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A Fetish For Zizek

3:55 PM, Jul 30, 2014 • By CHARLOTTE ALLEN
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 According to the classic Althusserian criticism of the Marxist problematic of commodity fetishism, this notion relies on the humanist ideological opposition of "human persons" versus "things." Is it not one of Marx's standard determinations of fetishism that, in it, we are dealing with "relations between things (commodities)" instead of direct "relations between people," i.e. that, in the fetishist universe, people (mis)perceive their social relations in the guise of relations between things? Althusserians are fully justified in emphasizing how, beneath this "ideological" problematic, there is another, entirely different—structural—concept of fetishism already at work in Marx: at this level, "fetishism" designates the short-circuit between the formal/differential structure (which is by definition "absent," i.e. it is never given "as such" in our experiential reality) and a positive element of this structure. When we are victims of the "fetishist" illusion, we (mis)perceive as the immediate/"natural" property of the object-fetish that which is conferred upon this object on account of its place within the structure.

 

Uh, what? Not surprisingly, Zizek’s critics—and there are many of them—have accused the master of deliberate obscurantism and misinterpretation of his sources—if not outright leg-pulling.

This leads to Sailer. In a tongue-in-cheek July 8 blog post for the Unz Review, an eclectic online collection of far-left and far-right commentary published by California businessman and sometime political activist Ron Unz, Sailer noted that in a 2006 article for a postmodernist journal, Critical Inquiry, Zizek had uncharacteristically deviated from his usual jargon-laden unreadability into a clear and lucid description of a 1998 book by Kevin MacDonald titled The Culture of Critique: An Evolutionary Analysis of Jewish Involvement in Twentieth-Century Intellectual and Political Movements. MacDonald, a retired psychology professor at California State University Long Beach, is a hero among the American Renaissance set because of his beliefs, expressed in a never-ending series of books and articles, that Jews, consciously or unconsciously, have engaged in a centuries-long project to undermine Western civilization. (Blaming Jews for everything that has gone wrong in the modern world is a preoccupation of many paleocons, including readers of the Unz Review.)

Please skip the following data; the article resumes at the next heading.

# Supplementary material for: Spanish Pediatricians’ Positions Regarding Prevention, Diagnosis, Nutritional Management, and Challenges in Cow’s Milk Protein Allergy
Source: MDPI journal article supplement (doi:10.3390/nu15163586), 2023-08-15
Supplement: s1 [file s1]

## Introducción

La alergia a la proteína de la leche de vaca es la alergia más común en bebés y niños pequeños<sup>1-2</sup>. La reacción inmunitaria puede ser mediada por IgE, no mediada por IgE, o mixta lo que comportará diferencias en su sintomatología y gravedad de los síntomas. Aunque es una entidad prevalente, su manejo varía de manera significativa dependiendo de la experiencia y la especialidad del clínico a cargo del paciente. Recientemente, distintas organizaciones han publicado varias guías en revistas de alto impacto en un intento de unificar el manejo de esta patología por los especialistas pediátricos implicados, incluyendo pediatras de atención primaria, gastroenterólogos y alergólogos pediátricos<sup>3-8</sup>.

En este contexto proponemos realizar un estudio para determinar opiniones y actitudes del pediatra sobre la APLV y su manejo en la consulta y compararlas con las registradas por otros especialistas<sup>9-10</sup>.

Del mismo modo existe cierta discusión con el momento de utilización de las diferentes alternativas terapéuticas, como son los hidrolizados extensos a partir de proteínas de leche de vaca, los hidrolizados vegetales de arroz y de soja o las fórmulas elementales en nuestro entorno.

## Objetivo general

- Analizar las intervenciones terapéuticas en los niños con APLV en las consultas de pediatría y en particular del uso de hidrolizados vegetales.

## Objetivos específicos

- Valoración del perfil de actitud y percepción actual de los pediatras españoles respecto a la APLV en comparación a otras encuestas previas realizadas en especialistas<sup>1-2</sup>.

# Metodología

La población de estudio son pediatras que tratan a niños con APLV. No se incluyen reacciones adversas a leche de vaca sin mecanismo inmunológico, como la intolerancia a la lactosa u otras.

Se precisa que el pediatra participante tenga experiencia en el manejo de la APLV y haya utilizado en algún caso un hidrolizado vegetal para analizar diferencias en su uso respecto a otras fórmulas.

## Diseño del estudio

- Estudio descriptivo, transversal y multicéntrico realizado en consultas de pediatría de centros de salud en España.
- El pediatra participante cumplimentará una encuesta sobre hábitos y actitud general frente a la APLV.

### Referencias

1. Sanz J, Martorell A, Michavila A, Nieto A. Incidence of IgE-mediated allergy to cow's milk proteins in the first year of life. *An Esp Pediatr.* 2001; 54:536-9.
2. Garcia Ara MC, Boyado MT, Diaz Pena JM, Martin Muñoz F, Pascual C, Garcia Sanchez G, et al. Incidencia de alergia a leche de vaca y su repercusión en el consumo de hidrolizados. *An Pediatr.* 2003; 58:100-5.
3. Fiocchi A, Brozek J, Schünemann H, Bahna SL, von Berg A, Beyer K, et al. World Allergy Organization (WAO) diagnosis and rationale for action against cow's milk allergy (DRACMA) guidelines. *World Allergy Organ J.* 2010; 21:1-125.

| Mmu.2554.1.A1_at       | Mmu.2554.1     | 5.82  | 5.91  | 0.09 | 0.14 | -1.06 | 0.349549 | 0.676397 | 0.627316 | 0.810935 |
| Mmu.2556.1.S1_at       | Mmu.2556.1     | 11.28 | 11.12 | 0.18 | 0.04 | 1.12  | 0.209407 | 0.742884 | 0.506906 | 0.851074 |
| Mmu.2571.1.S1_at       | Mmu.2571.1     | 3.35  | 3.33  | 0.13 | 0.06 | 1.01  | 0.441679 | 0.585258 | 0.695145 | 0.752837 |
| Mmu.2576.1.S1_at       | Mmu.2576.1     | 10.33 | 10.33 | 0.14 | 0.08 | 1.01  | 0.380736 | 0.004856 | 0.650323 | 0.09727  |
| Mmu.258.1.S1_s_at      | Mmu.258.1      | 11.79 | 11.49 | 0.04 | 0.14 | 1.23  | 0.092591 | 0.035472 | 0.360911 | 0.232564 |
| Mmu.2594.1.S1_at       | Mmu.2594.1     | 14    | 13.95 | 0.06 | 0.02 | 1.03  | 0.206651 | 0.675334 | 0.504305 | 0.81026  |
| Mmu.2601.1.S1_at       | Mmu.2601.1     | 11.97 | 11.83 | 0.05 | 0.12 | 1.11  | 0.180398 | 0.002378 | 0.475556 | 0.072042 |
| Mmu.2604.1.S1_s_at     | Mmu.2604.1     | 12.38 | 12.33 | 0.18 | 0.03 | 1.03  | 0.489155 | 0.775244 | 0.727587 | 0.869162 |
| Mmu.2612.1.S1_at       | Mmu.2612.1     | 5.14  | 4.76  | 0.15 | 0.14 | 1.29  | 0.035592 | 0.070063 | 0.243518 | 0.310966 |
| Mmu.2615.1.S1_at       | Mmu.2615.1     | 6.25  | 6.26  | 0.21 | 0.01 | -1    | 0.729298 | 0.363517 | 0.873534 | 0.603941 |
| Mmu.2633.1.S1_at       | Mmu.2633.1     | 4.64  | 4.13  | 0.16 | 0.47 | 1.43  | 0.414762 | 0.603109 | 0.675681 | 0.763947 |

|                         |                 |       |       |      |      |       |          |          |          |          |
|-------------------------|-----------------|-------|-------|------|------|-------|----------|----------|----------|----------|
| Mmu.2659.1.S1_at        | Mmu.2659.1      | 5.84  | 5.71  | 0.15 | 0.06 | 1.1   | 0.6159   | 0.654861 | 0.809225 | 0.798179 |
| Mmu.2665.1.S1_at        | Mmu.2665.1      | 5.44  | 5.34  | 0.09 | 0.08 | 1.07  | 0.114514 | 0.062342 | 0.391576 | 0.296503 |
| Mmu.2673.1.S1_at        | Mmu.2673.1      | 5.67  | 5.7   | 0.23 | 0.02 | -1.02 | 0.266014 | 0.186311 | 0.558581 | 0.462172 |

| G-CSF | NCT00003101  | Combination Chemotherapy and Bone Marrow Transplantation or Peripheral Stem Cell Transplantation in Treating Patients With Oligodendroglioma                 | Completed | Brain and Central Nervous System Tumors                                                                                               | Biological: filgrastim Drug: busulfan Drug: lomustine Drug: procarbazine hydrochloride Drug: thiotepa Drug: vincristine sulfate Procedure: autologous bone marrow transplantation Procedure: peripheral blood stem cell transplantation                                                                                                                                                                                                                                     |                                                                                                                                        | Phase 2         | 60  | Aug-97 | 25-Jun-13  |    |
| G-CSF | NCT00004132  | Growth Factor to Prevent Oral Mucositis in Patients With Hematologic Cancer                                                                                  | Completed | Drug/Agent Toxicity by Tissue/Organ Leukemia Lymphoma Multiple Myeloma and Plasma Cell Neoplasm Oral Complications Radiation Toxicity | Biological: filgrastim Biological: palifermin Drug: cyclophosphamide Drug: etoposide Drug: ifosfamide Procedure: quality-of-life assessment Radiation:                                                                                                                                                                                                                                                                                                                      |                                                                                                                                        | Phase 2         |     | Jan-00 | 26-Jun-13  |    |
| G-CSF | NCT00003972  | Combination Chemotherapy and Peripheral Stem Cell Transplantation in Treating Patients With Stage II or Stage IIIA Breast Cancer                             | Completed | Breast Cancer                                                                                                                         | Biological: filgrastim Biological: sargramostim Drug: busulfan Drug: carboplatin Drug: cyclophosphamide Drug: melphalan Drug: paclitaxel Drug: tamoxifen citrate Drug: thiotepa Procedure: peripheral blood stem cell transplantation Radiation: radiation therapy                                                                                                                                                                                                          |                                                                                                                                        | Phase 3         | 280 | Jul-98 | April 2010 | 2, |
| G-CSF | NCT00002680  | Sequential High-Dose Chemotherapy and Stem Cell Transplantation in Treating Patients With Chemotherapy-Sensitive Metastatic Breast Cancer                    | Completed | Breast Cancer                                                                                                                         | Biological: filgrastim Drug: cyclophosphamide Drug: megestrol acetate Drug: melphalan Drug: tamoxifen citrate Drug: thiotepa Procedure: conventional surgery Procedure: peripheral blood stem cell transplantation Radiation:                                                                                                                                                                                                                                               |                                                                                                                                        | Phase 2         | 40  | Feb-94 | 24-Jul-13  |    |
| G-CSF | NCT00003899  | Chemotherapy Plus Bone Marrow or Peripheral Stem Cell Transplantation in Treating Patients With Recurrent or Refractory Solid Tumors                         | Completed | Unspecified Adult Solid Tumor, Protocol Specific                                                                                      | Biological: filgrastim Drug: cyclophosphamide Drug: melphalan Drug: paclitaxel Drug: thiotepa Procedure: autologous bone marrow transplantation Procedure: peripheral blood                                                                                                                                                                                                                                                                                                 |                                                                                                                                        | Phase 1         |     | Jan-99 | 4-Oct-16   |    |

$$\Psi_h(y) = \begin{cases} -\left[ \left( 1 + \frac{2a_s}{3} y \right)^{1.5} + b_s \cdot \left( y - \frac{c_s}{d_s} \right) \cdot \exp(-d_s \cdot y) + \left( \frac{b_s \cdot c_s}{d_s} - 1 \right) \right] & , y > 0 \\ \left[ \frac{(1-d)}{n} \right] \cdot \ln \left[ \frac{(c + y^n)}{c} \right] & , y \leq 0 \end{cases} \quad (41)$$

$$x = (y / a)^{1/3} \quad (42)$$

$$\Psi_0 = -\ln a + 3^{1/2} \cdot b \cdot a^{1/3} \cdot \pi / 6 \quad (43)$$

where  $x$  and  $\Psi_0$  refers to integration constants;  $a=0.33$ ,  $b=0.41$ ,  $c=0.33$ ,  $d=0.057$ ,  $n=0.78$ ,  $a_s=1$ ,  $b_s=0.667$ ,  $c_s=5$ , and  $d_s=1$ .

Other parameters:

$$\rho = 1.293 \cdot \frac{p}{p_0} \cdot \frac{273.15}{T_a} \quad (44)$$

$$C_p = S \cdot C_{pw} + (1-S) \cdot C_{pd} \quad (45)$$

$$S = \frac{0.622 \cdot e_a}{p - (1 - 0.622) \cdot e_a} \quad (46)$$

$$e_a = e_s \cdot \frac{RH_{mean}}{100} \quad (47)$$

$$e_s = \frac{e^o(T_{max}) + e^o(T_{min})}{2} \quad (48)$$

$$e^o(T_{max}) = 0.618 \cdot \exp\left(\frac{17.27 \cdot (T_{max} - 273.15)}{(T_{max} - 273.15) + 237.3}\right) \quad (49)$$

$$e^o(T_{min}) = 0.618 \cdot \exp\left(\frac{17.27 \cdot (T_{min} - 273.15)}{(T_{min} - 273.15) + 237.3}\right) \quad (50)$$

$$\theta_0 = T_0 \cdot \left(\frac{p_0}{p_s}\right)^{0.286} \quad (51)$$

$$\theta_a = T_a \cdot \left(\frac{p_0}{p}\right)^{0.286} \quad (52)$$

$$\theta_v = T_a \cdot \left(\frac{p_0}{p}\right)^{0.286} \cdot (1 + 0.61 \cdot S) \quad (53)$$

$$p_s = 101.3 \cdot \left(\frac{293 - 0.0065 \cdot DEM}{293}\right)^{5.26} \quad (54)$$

Zizek’s article was titled “A Plea for a Return to Différance (with a Minor Pro Domo Sua.)” (Note to non-postmodernists: the word différance is not a French misspelling; it’s a word invented by Derrida.) In a denunciatory summary of the ideas of MacDonald, whom he called “[t]he main academic proponent of this new barbarism,” Zizek wrote (or “wrote”): 

 One of the most consistent ways in which Jews have advanced their interests has been to promote pluralism and diversity—but only for others. Ever since the 19th century, they have led movements that tried to discredit the traditional foundations of gentile society: patriotism, racial loyalty, the Christian basis for morality, social homogeneity, and sexual restraint.

Sailer commented: “[T]he superstar professor achieves a higher degree of clarity while expounding MacDonald’s message than in any other passage I’ve read by Zizek.”

The next day, July 9, a blogger who called himself “Deogolwulf” (“deogol” means “secret” in Old English) connected Sailer’s dots. He pointed out that the Zizek passage had been lifted nearly word for word from a laudatory 1999 review of MacDonald’s book in American Renaissance written by a regular there named Stanley Hornbeck. Deogolwulf lined up in parallel fashion several passages from Zizek and Hornbeck that matched nearly exactly. Deogolwulf also pointed out that a quotation that both Hornbeck and Zizek attributed to Derrida actually came from John D. Caputo, a now-retired religion professor at Syracuse University who specializes in looking for religious themes in postmodernist theory.

It all makes one wonder how much Zizek actually knows about Derrida.

In a July 12 email to Critical Theory, a go-to website for all things postmodernist, Zizek issued what he called a “clarification”—written in a style so characteristically Zizekian that no one could accuse him of lifting it from anywhere:

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